MicroRNAs (miRNAs) are a large family of post-transcriptional regulators of gene expression that are approximately 21 nucleotides in length and control many developmental and cellular processes in eukaryotic organisms. Research during the past decade has identified major factors participating in miRNA biogenesis and has established basic principles of miRNA function. More recently, it has become apparent that miRNA regulators themselves are subject to sophisticated control. Many reports over the past few years have reported the regulation of miRNA metabolism and function by a range of mechanisms involving numerous protein-protein and protein-RNA interactions. Such regulation has an important role in the context-specific functions of miRNAs.

Strengths and limitations of laboratory procedures for microRNA detection.
Koshiol J, Wang E, Zhao Y, Marincola F, Landi MT.
Infections and Immunepidemiology Branch, Division of Cancer Epidemiology and Genetics, National Cancer Institute, 6120 Executive Boulevard, Room 7070, Rockville, MD 20852-7248, USA
Cancer Epidemiol Biomarkers Prev. 2010 19(4): 907-911

BACKGROUND: MicroRNAs (miR) are endogenous, noncoding RNAs involved in many cellular processes and have been associated with the development and progression of cancer. There are many different ways to evaluate miRs.
METHODS: We described some of the most commonly used and promising miR detection methods.
RESULTS: Each miR detection method has benefits and limitations. Microarray profiling and quantitative real-time reverse-transcription PCR are the two most common methods to evaluate miR expression. However, the results from microarray and quantitative real-time reverse-transcription PCR do not always agree. High-throughput, high-resolution next-generation sequencing of small RNAs may offer the opportunity to quickly and accurately discover new miRs and confirm the presence of known miRs in the near future.
CONCLUSIONS: All of the current and new technologies have benefits and limitations to consider when designing miR studies. Results can vary across platforms, requiring careful and critical evaluation when interpreting findings.
IMPACT: Although miR detection and expression analyses are rapidly improving, there are still many technical challenges to overcome. The old molecular epidemiology tenet of rigorous biomarker validation and confirmation in independent studies remains essential.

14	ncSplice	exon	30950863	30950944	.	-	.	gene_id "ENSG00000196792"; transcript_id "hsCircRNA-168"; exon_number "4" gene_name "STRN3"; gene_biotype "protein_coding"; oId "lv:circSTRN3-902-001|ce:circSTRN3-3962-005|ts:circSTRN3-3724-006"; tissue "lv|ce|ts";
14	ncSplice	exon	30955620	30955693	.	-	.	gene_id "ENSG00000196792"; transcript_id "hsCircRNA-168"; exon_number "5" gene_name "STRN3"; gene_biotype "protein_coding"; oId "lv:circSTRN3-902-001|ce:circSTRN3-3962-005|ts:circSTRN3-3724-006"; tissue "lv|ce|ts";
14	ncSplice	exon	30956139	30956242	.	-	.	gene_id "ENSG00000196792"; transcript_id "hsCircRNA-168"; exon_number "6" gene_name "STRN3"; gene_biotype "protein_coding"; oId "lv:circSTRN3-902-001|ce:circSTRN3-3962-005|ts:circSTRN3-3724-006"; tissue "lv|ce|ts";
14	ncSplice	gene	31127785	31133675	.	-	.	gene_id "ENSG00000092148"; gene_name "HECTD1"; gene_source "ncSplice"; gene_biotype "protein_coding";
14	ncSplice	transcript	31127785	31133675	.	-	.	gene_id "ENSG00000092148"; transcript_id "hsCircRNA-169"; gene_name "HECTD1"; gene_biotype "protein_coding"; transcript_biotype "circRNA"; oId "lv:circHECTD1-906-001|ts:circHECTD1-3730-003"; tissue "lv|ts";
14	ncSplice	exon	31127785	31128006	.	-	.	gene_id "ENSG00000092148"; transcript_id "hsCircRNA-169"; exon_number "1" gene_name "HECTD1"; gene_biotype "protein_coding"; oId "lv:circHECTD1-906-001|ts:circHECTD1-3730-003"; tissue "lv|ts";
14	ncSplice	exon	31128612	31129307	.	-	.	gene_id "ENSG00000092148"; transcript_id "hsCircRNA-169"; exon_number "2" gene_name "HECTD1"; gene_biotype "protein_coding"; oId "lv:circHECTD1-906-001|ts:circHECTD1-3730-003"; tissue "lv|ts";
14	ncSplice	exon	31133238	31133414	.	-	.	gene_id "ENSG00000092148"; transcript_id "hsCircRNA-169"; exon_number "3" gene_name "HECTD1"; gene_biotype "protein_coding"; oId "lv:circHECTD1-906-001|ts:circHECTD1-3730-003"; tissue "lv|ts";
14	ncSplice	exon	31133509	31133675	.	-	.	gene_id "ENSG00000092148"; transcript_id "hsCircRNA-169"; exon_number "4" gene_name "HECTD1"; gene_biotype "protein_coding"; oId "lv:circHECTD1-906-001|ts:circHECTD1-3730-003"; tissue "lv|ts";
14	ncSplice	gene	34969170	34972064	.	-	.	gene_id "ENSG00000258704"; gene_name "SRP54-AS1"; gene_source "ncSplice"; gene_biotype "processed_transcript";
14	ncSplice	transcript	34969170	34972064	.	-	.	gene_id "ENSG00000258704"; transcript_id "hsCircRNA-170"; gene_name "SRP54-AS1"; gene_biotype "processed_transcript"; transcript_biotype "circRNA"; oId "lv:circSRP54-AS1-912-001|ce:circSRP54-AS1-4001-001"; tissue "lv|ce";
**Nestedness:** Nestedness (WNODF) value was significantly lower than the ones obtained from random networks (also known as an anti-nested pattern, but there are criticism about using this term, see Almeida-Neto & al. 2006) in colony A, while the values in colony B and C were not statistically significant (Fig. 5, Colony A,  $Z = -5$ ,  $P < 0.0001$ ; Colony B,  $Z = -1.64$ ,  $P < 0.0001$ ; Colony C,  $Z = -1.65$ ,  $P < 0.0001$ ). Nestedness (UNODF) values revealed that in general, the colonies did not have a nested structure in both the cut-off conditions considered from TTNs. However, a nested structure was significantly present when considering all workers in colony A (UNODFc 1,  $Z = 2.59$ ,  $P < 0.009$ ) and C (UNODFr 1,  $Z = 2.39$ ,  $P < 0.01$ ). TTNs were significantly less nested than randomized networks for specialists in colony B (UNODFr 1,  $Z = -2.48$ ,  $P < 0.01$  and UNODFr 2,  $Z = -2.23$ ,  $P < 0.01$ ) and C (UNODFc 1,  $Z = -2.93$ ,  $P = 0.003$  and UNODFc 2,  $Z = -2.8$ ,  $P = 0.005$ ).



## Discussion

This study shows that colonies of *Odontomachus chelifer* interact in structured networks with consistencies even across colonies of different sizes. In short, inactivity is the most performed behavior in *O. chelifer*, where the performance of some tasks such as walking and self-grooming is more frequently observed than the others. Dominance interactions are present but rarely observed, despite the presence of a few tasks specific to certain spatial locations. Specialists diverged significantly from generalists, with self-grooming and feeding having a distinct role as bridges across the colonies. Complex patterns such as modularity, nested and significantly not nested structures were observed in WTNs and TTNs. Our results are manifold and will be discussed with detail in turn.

Editorial  -  Studying microRNAs in the brain: technical lessons learned from the first ten years.
Hébert SS, Nelson PT.
Exp Neurol. 2012 235(2): 397-401

Pitfalls and recommendations  for microRNA expression  analysis using qPCR
Guidelines to microRNA qPCR with examples from the miRCURY LNA Universal RT microRNA PCR system
Exiqon Application Note

Introduction:  Over the last few years, qPCR has become the most widely used method for the study of microRNAs. It is fast, extremely sensitive and offers linear detection over several orders of magnitude. Exiqon’s miRCURY LNA™ Universal RT microRNA PCR system can profile microRNAs on panels in just three hours and offers a linear range of 7 orders of magnitude. The ingenious design, using LNA™ and two microRNA specific primers, allows individual microRNAs to be accurately quantified from as little as 1pg total RNA. This level of sensitivity enables microRNA profiling from difficult samples such as FFPE, LCM and body fluids including serum/plasma and urine. However, in order to get biologically relevant results, it is important to set up the qPCR experiment correctly.Even very small changes in microRNA expression levels, e.g. in comparing different disease stages, might be biologically significant. Yet, it will require a sufficient number of samples and correct normalization to reveal the differences with statistical significance. An insufficient number of replicates may obscure discovery of small but important differences. Poor normalization can lead to incorrect conclusions regarding the magnitude of regulation and even direction of fold change when studying differential expression. Proper study design and reliable normalization is therefore critical when analyzing differences in microRNA expression.In this document, we will go through the steps involved in setting up a qPCR study and explain how to perform the normalization and data analysis.

Potential pitfalls in microRNA profiling.
Chugh P, Dittmer DP.
Department of Microbiology, UNC-Chapel Hill, Chapel Hill, NC, USA.
Wiley Interdiscip Rev RNA. 2012 May 7

MicroRNAs (miRNAs) are small, noncoding RNAs that post-transcriptionally influence a wide range of cellular processes such as the host response to viral infection, innate immunity, cell cycle progression, migration, and apoptosis through the inhibition of target mRNA translation. Owing to the growing number of miRNAs and identification of their functional roles, miRNA profiling of many different sample types has become more expansive, especially with relevance to disease signatures. In this review, we address some of the advantages and potential pitfalls of the currently available methods for miRNA expression profiling. Some of the topics discussed include isomiRNAs, comparison of different profiling platforms, normalization strategies, and issues with regard to sample preparation and experimental analyses. WIREs RNA 2011 DOI: 10.1002/wrna.1120 For further resources related to this article, please visit the WIREs website.